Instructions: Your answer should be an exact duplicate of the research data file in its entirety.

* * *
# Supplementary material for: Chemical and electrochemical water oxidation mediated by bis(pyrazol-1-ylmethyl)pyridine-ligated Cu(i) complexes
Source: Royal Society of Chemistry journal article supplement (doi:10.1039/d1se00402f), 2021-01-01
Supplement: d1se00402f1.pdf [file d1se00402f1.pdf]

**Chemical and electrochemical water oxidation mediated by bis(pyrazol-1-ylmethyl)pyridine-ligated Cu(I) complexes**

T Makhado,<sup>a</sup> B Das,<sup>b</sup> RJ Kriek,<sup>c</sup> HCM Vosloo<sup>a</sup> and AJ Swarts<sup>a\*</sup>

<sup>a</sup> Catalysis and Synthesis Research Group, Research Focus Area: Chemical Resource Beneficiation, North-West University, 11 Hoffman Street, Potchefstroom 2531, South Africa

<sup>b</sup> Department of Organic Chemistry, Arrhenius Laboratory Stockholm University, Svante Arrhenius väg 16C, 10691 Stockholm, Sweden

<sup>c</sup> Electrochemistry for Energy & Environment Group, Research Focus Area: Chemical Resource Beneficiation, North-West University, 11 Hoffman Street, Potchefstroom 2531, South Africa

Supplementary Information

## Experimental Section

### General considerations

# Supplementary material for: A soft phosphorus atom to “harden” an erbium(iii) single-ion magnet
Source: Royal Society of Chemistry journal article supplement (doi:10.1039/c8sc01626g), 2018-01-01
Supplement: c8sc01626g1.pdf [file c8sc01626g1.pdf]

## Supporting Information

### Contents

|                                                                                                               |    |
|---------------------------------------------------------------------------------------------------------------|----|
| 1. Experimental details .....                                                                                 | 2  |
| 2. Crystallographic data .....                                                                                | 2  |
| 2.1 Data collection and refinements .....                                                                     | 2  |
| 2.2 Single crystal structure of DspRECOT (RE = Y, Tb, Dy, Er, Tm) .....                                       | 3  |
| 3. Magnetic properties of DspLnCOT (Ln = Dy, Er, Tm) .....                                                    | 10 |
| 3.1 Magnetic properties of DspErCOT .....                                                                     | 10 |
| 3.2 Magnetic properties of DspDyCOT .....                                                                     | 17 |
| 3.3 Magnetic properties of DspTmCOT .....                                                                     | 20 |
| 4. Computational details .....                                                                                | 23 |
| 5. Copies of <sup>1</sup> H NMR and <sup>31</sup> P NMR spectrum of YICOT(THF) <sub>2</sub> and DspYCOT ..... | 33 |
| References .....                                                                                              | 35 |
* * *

# Supplementary material for: Chemical and electrochemical water oxidation mediated by bis(pyrazol-1-ylmethyl)pyridine-ligated Cu(i) complexes
Source: Royal Society of Chemistry journal article supplement (doi:10.1039/d1se00402f), 2021-01-01
Supplement: d1se00402f1.pdf [file d1se00402f1.pdf]

**Chemical and electrochemical water oxidation mediated by bis(pyrazol-1-ylmethyl)pyridine-ligated Cu(I) complexes**

T Makhado,<sup>a</sup> B Das,<sup>b</sup> RJ Kriek,<sup>c</sup> HCM Vosloo<sup>a</sup> and AJ Swarts<sup>a\*</sup>

<sup>a</sup> Catalysis and Synthesis Research Group, Research Focus Area: Chemical Resource Beneficiation, North-West University, 11 Hoffman Street, Potchefstroom 2531, South Africa

<sup>b</sup> Department of Organic Chemistry, Arrhenius Laboratory Stockholm University, Svante Arrhenius väg 16C, 10691 Stockholm, Sweden

<sup>c</sup> Electrochemistry for Energy & Environment Group, Research Focus Area: Chemical Resource Beneficiation, North-West University, 11 Hoffman Street, Potchefstroom 2531, South Africa

Supplementary Information

## Experimental Section

### General considerations

# Supplementary material for: A soft phosphorus atom to “harden” an erbium(iii) single-ion magnet
Source: Royal Society of Chemistry journal article supplement (doi:10.1039/c8sc01626g), 2018-01-01
Supplement: c8sc01626g1.pdf [file c8sc01626g1.pdf]

## Supporting Information

### Contents

|                                                                                                               |    |
|---------------------------------------------------------------------------------------------------------------|----|
| 1. Experimental details .....                                                                                 | 2  |
| 2. Crystallographic data .....                                                                                | 2  |
| 2.1 Data collection and refinements .....                                                                     | 2  |
| 2.2 Single crystal structure of DspRECOT (RE = Y, Tb, Dy, Er, Tm) .....                                       | 3  |
| 3. Magnetic properties of DspLnCOT (Ln = Dy, Er, Tm) .....                                                    | 10 |
| 3.1 Magnetic properties of DspErCOT .....                                                                     | 10 |
| 3.2 Magnetic properties of DspDyCOT .....                                                                     | 17 |
| 3.3 Magnetic properties of DspTmCOT .....                                                                     | 20 |
| 4. Computational details .....                                                                                | 23 |
| 5. Copies of <sup>1</sup> H NMR and <sup>31</sup> P NMR spectrum of YICOT(THF) <sub>2</sub> and DspYCOT ..... | 33 |
| References .....                                                                                              | 35 |